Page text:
It’s not over, though. More awaits you on the bus. Since you managed to work yourself to the back of the line (at the bus’s last pick-up stop), there are only a handful of empty seats waiting for you. And they’re in the back. So, after standing way too long in the front with a bewildered stare, you begin your walk of shame toward the back. Making things worse, your walk takes you passed every single person who just witnessed your monkey act outside. A number of people look away. It’s not because they think that you’re a dummy – though they certainly do think that. And it’s not because they have no interest in what you’re doing. It’s because they, in fact, have great interest in what you’re doing. They are obsessed with it. They hate you and what you could do to them. Why? Because each of them has an empty seat next to them, and they don’t want you to sit in it. This is the last stop before the long ride to NYC, and if you don’t take that seat they will enjoy that long ride spread out across two seats. It’s all they’ve been thinking about since they went to bed last night. This is apparently the Holy Grail of bus commuting, and they will do almost anything to get it. They’ve made themselves and the area around them as unpleasant as possible. They take up lots of space. Their stuff is everywhere. They look sullen, almost dangerous. Their eyes never meet yours, because eye contact could lead to a gesture requesting that they clear space for you. All their plans would be shattered.
So, in this comforting environment, you choose a seat. You have to. Somebody is going to be unhappy. Most will accept their fate, relent and act courteously. But the dead serious ones won’t. A seat next to them is a long ride. They’ll do anything they can to establish that this is their territory, and you’ve trespassed on it. They’re playing the long game. They don’t want you – or anyone else – to come back to that seat tomorrow. Once they’ve done this enough, they figure that everyone will get the picture.
And with that, you’re off to New York City. Darn – if you’d only had something other than that quarter.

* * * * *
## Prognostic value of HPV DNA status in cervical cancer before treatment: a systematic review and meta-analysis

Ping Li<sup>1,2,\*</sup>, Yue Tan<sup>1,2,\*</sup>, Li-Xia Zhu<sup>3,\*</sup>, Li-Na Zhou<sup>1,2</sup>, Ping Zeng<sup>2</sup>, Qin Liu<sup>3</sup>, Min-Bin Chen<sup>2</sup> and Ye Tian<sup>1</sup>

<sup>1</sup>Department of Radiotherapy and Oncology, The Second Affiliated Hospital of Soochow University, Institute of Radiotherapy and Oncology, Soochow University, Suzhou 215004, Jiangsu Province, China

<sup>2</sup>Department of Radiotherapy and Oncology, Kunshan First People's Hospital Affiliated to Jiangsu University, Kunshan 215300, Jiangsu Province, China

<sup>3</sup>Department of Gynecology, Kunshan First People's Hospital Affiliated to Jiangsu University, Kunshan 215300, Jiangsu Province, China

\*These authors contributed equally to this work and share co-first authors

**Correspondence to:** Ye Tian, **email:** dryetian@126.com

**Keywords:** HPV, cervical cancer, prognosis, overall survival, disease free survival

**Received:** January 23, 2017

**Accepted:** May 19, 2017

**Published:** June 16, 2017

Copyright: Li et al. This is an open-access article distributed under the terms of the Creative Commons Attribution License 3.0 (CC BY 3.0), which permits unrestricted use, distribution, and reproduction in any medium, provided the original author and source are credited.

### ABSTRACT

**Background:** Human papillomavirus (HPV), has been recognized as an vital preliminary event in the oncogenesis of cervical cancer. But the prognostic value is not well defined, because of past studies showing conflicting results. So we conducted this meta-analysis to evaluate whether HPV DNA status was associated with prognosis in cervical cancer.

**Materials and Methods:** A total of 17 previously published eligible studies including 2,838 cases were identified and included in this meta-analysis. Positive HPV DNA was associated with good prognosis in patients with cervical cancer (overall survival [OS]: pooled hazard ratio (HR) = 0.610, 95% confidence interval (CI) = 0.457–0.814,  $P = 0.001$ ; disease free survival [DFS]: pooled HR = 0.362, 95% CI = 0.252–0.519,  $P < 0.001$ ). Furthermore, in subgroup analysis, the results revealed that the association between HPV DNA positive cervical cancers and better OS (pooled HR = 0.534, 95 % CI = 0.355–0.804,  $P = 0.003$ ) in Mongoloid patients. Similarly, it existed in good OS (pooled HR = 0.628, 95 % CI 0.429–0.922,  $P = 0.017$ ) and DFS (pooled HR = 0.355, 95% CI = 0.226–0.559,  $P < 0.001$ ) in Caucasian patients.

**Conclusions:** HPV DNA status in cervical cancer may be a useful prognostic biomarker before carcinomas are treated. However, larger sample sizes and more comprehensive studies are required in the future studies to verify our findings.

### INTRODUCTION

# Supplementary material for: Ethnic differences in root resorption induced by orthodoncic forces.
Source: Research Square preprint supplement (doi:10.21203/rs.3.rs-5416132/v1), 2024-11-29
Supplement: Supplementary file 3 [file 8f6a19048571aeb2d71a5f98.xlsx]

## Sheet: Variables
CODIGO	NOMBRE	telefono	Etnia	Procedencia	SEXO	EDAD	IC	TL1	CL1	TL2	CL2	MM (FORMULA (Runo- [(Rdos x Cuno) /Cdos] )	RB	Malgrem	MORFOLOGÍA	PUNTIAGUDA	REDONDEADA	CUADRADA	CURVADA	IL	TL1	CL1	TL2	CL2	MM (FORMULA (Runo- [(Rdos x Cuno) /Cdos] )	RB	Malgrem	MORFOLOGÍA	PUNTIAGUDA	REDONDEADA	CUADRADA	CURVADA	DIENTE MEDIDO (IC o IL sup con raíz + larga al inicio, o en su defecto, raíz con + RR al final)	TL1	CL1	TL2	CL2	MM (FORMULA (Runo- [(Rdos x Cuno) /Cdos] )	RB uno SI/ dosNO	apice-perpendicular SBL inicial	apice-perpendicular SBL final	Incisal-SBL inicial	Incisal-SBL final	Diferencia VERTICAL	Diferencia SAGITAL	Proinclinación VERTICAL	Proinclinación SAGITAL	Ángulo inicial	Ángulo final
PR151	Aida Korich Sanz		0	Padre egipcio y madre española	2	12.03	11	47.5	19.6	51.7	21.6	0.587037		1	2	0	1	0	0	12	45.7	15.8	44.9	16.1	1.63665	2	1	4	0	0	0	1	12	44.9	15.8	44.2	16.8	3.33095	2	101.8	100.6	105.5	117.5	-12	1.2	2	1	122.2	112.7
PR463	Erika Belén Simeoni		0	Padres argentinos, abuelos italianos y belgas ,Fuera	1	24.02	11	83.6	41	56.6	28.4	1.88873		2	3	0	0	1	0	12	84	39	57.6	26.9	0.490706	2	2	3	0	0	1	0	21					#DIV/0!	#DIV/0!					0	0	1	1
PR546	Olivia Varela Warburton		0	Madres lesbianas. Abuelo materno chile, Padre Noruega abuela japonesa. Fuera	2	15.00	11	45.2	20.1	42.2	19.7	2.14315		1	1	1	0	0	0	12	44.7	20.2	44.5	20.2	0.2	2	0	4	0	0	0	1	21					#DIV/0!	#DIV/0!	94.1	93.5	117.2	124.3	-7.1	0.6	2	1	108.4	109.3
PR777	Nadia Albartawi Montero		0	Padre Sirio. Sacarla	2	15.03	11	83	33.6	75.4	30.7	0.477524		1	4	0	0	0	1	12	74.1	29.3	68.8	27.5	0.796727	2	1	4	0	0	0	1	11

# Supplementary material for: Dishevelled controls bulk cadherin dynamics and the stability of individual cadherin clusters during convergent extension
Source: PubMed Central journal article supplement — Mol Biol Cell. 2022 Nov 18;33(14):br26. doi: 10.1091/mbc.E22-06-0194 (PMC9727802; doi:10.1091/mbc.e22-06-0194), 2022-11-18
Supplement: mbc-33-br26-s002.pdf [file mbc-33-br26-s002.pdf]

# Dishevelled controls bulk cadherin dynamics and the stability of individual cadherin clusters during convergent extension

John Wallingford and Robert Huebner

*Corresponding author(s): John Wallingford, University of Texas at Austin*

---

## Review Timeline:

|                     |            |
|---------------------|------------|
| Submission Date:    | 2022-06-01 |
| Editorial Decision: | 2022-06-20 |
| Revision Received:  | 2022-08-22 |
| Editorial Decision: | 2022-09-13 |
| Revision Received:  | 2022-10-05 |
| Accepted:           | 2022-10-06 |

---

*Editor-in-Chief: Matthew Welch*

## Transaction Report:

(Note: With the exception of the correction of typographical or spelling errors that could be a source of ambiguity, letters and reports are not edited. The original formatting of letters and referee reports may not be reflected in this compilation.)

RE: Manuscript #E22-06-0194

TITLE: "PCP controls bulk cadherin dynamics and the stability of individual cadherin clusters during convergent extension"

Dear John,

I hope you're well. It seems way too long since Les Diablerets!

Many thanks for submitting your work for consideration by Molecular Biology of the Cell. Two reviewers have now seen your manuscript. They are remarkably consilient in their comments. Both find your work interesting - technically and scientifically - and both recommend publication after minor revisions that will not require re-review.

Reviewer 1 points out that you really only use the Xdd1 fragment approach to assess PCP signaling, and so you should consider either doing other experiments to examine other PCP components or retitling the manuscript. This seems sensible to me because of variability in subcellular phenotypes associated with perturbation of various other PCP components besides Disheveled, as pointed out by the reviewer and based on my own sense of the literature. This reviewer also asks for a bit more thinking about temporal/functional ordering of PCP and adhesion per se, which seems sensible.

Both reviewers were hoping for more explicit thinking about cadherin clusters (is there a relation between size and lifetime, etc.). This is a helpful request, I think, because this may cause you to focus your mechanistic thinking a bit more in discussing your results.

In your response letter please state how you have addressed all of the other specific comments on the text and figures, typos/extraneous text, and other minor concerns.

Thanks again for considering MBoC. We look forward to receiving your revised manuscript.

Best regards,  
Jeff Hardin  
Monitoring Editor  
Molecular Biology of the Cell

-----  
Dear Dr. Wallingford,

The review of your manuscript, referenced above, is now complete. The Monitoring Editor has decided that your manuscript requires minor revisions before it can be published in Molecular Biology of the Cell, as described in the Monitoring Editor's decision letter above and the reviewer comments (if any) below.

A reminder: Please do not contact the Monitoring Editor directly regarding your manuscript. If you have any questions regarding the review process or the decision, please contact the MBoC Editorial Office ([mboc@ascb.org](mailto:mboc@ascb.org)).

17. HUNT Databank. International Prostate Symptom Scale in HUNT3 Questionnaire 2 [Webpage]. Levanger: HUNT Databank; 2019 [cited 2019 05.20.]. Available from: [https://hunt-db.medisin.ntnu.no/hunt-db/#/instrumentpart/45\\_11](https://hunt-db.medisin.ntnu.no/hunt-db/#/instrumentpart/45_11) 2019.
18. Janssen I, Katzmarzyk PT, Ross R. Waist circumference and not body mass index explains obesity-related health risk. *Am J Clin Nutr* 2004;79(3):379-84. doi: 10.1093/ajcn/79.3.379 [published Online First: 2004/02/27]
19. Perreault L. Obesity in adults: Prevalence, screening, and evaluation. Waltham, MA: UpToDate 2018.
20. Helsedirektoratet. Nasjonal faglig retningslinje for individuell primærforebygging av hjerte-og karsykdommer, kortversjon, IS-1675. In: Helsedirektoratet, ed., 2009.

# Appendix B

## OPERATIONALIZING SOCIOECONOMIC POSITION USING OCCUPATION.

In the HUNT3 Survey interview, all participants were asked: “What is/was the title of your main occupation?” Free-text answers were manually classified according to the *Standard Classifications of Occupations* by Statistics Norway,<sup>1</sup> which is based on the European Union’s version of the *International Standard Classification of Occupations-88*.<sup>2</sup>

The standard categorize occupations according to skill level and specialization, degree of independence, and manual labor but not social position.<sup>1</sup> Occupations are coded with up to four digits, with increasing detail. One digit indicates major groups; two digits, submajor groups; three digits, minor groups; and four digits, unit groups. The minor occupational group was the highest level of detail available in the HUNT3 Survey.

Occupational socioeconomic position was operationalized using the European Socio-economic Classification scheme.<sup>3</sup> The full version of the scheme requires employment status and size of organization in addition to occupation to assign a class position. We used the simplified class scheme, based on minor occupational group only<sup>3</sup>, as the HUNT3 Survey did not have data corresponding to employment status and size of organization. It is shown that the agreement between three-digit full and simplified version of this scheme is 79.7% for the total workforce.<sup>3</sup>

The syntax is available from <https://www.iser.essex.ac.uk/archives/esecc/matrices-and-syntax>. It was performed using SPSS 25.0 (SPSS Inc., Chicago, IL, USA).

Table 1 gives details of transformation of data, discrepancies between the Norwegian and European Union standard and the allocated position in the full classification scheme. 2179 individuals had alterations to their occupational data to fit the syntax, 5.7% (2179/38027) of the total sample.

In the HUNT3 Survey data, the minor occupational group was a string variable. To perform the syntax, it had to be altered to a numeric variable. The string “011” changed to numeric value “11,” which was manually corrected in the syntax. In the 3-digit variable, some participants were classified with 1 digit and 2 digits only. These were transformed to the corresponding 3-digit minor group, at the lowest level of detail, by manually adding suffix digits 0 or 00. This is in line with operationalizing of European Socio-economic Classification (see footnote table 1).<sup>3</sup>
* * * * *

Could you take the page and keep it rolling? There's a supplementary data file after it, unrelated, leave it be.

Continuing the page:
There are many other mistakes you will make. For instance, don’t try to leave the bus without returning your seat to its upright position. Don’t dare. If you do, the person in the seat behind you will send you a ferocious middle-school-like eye-roll and sigh, or stare you down like one of the assassins in “Scanners.” (We won’t provide that link. Too graphic.)
All of this happens – all of it – with no one speaking a word.
There’s more, much more. But that’s enough for now. We should address some law. There has been additional “commuting” from state court to federal court within the Eighth Circuit as part of the transvaginal mesh litigation. In November, we posted about the Atwell case, in which the Eighth Circuit refused to remand to state court of a group of transvaginal mesh cases. Despite the plaintiffs’ assertions that they did not want to consolidate that group of cases, they did ask the state court to transfer three cases involving over 100 plaintiffs to a single judge for discovery and trial. A single judge, according to the plaintiffs, would better allow for uniformity of rulings and a bellwether trial. The Eighth Circuit held that these requests suggested a “joint trial” that triggered removal as a “mass action” under CAFA.
With that decision in the books, the Eastern District of Missouri is now following the Eighth Circuit’s lead. In Brannen v. Ethicon, No.4:13-cv-01252-JAR, Slip Op. (E.D. Mo. Dec. 30, 2013), the district court denied a remand motion, citing the Atwell decision. Lawyers representing over 100 plaintiffs had asked the state court to transfer all of those cases to a single judge who would handle not only pretrial issues but a bellwether trial. The district court, not surprisingly, found this request to be functionally the same as the requests in Atwell, triggering CAFA removal.
The Eighth Circuit has now become a favorable jurisdiction in which to remove such cases. Whether in their papers or at a hearing, if plaintiffs request coordination of 100 or more cases by a single judge for the purpose of bringing about consistent rulings across multiple plaintiffs and having that same judge preside over a bellwether trial, the defense should consider removal. There’s strong precedent for it in the Eighth Circuit now.
And Happy Commuting.